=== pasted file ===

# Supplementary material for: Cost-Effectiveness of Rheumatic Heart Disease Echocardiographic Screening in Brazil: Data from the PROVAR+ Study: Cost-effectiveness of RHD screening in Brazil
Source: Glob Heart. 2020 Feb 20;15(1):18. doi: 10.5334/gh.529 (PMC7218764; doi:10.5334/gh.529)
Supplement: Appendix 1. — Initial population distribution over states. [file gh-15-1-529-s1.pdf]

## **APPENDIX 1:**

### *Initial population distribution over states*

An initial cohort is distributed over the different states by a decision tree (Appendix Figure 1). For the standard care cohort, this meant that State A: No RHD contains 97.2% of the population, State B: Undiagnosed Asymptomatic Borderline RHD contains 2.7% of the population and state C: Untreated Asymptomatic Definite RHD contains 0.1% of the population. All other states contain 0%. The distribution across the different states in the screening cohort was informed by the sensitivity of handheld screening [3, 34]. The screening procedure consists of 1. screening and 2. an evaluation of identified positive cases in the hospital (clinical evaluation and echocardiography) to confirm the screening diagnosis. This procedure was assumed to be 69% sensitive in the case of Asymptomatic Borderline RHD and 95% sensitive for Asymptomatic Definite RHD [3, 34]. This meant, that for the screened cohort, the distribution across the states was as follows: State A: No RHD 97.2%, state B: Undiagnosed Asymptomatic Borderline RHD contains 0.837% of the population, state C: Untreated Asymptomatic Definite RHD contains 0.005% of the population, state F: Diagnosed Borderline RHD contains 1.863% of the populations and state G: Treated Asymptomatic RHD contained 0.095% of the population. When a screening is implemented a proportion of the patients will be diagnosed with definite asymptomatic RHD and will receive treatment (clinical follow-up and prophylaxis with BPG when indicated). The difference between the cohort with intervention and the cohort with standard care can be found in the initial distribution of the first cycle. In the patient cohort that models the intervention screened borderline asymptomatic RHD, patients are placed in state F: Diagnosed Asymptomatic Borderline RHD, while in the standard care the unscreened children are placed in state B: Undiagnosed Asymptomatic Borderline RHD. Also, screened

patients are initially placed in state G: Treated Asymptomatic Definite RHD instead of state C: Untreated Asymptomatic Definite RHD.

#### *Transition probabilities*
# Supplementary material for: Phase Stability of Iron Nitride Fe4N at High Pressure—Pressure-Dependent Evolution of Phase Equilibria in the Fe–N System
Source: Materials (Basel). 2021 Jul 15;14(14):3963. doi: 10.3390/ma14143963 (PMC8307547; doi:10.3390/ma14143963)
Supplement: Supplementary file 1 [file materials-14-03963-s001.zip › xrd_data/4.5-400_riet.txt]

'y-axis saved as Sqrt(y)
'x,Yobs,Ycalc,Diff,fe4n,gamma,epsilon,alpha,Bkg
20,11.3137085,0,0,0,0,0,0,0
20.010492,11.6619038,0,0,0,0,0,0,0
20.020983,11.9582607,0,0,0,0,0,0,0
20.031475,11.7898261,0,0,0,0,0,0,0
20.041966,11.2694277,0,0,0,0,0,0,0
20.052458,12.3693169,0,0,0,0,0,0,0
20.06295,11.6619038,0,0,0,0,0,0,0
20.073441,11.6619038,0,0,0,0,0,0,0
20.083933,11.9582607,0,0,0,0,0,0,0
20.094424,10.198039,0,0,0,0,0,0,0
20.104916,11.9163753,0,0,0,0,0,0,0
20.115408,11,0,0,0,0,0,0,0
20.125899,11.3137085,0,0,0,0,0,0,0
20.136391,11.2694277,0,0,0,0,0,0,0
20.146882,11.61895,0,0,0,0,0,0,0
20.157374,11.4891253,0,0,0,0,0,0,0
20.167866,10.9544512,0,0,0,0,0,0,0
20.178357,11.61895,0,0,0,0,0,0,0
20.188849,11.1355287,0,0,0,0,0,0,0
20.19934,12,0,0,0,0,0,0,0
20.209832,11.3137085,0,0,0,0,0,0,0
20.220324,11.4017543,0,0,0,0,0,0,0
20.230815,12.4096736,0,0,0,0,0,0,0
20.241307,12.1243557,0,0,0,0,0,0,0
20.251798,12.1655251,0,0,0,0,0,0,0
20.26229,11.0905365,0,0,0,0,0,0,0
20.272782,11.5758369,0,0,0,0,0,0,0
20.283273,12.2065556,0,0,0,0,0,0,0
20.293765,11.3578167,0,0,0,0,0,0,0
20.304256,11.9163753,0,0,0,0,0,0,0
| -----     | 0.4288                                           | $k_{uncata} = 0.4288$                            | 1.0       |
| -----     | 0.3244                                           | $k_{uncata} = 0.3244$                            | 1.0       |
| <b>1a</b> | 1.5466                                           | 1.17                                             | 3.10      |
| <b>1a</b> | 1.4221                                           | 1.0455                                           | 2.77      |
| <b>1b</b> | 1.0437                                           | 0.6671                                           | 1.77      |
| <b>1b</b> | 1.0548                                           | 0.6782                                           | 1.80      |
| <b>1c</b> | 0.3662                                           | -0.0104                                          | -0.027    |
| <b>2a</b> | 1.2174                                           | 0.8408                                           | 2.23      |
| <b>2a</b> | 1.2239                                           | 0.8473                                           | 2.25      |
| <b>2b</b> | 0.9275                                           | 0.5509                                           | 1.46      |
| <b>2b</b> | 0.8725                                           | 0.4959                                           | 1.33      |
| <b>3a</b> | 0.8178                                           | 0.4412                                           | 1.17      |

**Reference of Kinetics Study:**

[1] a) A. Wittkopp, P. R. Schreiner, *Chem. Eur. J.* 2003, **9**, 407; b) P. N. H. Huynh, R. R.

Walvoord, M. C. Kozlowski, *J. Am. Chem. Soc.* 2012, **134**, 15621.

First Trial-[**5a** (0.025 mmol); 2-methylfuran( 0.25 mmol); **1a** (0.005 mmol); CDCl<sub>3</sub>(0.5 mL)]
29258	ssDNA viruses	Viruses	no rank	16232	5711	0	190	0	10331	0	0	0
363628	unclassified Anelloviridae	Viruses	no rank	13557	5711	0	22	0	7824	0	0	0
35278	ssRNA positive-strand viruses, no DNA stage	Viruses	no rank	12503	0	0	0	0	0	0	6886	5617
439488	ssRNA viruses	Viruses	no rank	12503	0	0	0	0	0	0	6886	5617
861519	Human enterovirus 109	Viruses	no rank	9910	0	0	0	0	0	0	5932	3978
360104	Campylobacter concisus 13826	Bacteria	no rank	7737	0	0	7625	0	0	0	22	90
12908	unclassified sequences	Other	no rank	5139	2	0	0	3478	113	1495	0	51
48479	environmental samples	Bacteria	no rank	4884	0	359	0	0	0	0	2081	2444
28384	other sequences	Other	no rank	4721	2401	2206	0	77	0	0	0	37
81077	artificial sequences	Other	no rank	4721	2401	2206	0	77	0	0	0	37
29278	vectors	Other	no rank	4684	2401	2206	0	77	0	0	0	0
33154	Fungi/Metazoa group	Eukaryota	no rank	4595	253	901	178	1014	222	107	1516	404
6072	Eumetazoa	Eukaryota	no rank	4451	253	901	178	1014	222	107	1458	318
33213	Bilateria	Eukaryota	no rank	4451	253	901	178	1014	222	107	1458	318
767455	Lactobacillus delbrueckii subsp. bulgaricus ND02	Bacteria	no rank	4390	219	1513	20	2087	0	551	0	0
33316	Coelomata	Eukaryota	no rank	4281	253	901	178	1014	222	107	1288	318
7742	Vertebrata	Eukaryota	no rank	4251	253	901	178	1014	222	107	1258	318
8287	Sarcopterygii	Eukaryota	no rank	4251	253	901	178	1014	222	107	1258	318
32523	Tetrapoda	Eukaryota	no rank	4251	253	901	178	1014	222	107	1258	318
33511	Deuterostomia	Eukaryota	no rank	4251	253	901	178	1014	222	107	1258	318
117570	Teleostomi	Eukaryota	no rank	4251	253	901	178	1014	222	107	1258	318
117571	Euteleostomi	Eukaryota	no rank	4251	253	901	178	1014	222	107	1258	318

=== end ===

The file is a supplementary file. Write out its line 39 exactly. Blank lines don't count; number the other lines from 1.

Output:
20.26229,11.0905365,0,0,0,0,0,0,0